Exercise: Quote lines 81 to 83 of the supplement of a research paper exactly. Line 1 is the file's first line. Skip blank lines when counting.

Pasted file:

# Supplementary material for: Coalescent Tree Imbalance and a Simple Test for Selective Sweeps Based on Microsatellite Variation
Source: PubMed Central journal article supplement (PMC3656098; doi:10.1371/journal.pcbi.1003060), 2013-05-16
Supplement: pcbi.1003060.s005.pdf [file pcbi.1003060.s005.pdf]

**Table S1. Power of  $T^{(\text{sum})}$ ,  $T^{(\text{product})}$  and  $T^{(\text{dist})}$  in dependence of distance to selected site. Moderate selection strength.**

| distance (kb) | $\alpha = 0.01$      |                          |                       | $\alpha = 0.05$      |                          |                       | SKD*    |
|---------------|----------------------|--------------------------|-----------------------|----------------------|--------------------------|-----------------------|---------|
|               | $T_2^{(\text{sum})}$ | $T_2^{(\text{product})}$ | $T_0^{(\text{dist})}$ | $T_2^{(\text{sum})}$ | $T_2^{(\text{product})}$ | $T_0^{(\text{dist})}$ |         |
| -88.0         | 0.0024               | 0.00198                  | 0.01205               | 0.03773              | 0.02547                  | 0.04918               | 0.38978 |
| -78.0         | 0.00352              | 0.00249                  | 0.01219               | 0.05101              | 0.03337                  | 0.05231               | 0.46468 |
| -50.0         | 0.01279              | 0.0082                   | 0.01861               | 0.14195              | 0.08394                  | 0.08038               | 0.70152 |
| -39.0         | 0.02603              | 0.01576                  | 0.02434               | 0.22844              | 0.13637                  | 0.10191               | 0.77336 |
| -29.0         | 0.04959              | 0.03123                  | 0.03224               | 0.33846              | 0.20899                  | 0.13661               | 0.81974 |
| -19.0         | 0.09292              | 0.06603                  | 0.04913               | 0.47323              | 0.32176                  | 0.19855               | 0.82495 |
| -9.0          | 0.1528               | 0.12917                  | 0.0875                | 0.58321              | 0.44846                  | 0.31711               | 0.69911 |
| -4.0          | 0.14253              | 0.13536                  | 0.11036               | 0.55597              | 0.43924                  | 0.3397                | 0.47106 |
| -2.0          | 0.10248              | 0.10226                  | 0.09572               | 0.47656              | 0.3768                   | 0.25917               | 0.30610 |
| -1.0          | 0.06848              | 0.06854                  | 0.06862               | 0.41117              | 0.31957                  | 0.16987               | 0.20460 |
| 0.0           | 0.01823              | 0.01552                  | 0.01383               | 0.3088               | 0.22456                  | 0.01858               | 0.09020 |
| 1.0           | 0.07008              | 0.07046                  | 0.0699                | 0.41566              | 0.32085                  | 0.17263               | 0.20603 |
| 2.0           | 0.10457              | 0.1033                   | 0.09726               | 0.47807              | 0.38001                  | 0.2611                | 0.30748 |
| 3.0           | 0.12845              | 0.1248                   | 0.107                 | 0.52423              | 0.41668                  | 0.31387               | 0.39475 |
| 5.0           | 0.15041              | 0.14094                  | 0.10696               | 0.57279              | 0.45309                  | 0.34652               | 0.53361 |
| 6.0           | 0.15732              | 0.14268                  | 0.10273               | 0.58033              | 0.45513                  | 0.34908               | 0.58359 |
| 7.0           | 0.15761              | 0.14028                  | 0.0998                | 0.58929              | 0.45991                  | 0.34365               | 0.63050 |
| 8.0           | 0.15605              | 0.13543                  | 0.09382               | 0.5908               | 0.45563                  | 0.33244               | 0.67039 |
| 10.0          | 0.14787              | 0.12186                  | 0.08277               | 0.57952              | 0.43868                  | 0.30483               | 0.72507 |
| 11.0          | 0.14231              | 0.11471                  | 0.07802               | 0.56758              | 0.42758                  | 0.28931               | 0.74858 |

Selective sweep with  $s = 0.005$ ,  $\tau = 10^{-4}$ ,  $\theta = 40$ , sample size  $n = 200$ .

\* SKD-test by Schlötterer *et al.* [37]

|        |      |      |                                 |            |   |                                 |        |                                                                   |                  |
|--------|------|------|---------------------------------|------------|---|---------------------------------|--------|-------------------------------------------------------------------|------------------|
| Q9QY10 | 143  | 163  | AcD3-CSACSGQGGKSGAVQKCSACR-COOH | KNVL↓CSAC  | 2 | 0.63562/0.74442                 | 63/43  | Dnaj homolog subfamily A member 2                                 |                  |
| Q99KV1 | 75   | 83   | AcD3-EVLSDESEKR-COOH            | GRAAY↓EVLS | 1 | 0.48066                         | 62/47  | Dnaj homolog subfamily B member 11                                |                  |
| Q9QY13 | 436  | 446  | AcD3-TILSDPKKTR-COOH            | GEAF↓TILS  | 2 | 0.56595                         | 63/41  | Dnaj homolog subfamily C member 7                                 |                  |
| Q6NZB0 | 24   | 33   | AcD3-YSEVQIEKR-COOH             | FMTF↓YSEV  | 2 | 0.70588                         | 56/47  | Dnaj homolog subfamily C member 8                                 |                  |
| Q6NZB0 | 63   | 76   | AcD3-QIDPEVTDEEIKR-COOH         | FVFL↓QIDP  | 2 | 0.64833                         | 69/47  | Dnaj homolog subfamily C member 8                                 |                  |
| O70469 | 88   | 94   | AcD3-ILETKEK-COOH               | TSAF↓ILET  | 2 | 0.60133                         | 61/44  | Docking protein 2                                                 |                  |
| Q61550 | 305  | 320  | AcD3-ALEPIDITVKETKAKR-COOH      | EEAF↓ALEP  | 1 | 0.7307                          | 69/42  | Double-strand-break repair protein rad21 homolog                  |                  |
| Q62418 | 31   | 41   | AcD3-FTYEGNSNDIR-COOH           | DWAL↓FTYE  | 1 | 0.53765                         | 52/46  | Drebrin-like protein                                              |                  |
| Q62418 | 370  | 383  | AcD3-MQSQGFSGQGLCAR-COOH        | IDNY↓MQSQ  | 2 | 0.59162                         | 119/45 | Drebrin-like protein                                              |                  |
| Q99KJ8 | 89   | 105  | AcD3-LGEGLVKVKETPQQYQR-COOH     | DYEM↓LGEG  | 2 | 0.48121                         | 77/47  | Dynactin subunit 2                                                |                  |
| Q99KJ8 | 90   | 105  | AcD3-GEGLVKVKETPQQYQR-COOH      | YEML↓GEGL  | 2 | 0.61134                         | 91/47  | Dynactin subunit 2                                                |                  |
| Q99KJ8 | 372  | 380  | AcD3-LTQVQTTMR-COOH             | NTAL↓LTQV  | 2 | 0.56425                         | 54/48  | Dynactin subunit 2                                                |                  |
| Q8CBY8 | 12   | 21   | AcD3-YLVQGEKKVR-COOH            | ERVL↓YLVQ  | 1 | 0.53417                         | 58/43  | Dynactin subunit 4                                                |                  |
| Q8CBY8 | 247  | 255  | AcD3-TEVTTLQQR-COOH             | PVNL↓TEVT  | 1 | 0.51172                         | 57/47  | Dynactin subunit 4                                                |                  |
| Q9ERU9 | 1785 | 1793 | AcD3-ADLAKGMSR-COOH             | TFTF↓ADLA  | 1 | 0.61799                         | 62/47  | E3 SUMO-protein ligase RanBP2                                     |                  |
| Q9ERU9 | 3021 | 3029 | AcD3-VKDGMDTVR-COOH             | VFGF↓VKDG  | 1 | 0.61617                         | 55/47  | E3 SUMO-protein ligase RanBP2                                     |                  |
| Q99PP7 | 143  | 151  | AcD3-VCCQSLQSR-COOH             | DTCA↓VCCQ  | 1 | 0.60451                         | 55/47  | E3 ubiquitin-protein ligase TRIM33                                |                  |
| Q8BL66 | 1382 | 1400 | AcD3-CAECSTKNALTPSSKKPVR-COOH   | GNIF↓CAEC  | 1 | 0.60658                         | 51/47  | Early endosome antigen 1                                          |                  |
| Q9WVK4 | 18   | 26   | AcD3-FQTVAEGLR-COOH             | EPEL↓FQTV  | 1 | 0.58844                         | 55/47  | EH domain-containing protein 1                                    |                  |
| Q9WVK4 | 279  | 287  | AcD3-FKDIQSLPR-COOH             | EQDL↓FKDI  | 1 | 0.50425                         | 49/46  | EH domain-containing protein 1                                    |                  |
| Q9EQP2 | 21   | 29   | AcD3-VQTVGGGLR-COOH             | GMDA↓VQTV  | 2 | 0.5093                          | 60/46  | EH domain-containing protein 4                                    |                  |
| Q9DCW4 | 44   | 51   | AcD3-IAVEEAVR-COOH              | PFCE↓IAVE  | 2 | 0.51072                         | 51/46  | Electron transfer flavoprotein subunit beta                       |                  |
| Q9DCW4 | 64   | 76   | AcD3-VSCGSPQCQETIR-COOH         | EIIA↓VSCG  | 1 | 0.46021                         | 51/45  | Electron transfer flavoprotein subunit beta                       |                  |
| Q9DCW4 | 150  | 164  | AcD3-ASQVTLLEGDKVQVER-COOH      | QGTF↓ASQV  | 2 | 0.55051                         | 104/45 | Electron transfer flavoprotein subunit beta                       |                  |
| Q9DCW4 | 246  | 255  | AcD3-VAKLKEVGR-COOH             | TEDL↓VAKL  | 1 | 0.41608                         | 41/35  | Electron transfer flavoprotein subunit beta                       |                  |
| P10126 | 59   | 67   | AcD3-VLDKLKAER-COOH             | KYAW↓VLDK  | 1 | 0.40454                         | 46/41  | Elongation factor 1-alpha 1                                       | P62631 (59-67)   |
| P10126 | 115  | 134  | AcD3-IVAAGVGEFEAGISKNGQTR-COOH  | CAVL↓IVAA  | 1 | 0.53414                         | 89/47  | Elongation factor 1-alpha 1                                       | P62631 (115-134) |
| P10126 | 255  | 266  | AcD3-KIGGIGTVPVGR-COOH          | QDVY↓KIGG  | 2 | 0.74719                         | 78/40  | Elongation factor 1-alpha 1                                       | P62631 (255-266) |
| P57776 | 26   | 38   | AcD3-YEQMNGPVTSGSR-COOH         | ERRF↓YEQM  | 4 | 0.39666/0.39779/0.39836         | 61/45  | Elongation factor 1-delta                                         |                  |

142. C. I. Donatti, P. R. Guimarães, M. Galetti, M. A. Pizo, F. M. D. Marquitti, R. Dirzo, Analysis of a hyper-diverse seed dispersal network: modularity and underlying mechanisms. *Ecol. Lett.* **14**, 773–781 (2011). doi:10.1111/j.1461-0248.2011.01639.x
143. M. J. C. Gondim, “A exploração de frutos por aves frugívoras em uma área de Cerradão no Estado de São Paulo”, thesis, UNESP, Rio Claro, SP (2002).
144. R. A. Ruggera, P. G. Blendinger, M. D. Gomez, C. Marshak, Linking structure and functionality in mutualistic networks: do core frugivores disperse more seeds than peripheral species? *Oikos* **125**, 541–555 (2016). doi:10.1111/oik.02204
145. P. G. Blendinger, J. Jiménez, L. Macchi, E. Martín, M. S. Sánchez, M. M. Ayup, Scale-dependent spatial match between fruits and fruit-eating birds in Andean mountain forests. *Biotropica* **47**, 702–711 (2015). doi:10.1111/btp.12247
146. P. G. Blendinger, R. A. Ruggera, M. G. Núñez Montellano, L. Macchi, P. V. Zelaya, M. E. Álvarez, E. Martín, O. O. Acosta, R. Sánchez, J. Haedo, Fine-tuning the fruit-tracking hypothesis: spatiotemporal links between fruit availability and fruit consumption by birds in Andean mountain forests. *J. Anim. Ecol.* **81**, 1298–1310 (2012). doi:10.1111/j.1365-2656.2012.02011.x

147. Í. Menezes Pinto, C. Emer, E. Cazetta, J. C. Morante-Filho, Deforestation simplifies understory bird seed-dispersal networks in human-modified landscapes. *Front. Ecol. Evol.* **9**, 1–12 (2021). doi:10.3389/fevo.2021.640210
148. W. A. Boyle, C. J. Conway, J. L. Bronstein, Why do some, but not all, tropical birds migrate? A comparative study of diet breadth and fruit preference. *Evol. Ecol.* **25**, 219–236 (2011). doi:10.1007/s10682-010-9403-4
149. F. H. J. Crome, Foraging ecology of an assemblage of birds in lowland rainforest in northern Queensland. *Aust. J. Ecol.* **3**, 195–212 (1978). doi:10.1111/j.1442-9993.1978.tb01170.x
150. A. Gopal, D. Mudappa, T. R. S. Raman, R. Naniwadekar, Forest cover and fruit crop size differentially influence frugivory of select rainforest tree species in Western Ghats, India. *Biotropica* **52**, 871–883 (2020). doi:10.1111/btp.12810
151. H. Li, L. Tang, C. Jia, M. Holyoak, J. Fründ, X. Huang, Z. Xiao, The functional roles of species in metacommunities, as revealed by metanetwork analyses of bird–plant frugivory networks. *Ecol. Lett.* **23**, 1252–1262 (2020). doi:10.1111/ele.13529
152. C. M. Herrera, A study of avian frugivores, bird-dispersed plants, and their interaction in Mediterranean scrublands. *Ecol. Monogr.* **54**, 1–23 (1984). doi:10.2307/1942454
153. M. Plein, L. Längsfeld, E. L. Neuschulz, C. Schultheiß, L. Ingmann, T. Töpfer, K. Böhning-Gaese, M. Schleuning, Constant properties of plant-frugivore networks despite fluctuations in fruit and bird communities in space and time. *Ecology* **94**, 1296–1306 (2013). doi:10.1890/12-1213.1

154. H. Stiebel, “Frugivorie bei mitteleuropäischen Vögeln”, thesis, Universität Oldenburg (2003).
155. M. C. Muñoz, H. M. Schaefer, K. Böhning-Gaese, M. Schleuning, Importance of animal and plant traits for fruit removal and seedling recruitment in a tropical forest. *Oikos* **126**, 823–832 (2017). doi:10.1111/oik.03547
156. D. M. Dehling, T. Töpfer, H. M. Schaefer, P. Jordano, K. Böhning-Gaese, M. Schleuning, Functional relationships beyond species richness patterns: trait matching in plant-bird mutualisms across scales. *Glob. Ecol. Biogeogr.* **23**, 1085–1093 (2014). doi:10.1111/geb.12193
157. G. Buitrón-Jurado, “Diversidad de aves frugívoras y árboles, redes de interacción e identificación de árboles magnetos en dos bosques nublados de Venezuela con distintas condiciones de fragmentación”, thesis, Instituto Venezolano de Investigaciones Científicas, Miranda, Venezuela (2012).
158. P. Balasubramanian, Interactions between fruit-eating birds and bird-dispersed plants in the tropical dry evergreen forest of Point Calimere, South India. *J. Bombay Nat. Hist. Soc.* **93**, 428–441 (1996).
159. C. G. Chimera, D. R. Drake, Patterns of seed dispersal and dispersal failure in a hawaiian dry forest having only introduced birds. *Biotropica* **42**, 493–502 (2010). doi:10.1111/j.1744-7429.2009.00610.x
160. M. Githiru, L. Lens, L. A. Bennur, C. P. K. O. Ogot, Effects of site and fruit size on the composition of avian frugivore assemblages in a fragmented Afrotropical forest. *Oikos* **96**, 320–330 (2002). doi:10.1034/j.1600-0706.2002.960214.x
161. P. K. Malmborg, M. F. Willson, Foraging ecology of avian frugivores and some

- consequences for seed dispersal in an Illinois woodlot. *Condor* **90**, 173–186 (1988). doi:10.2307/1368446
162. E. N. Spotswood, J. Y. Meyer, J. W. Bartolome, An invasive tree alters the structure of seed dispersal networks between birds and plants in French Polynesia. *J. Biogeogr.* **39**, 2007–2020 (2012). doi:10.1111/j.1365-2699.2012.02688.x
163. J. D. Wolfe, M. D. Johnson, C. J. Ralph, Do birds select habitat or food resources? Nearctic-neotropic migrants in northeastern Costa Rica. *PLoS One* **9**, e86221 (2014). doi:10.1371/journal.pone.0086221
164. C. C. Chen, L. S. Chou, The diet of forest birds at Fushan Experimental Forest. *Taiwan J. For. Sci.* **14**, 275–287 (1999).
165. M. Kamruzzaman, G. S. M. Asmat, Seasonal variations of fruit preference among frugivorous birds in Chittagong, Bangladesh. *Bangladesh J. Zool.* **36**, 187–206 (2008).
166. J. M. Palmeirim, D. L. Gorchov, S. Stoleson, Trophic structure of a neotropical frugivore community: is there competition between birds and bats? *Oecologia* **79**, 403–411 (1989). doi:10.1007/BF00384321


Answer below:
- consequences for seed dispersal in an Illinois woodlot. *Condor* **90**, 173–186 (1988). doi:10.2307/1368446
162. E. N. Spotswood, J. Y. Meyer, J. W. Bartolome, An invasive tree alters the structure of seed dispersal networks between birds and plants in French Polynesia. *J. Biogeogr.* **39**, 2007–2020 (2012). doi:10.1111/j.1365-2699.2012.02688.x
163. J. D. Wolfe, M. D. Johnson, C. J. Ralph, Do birds select habitat or food resources? Nearctic-neotropic migrants in northeastern Costa Rica. *PLoS One* **9**, e86221 (2014). doi:10.1371/journal.pone.0086221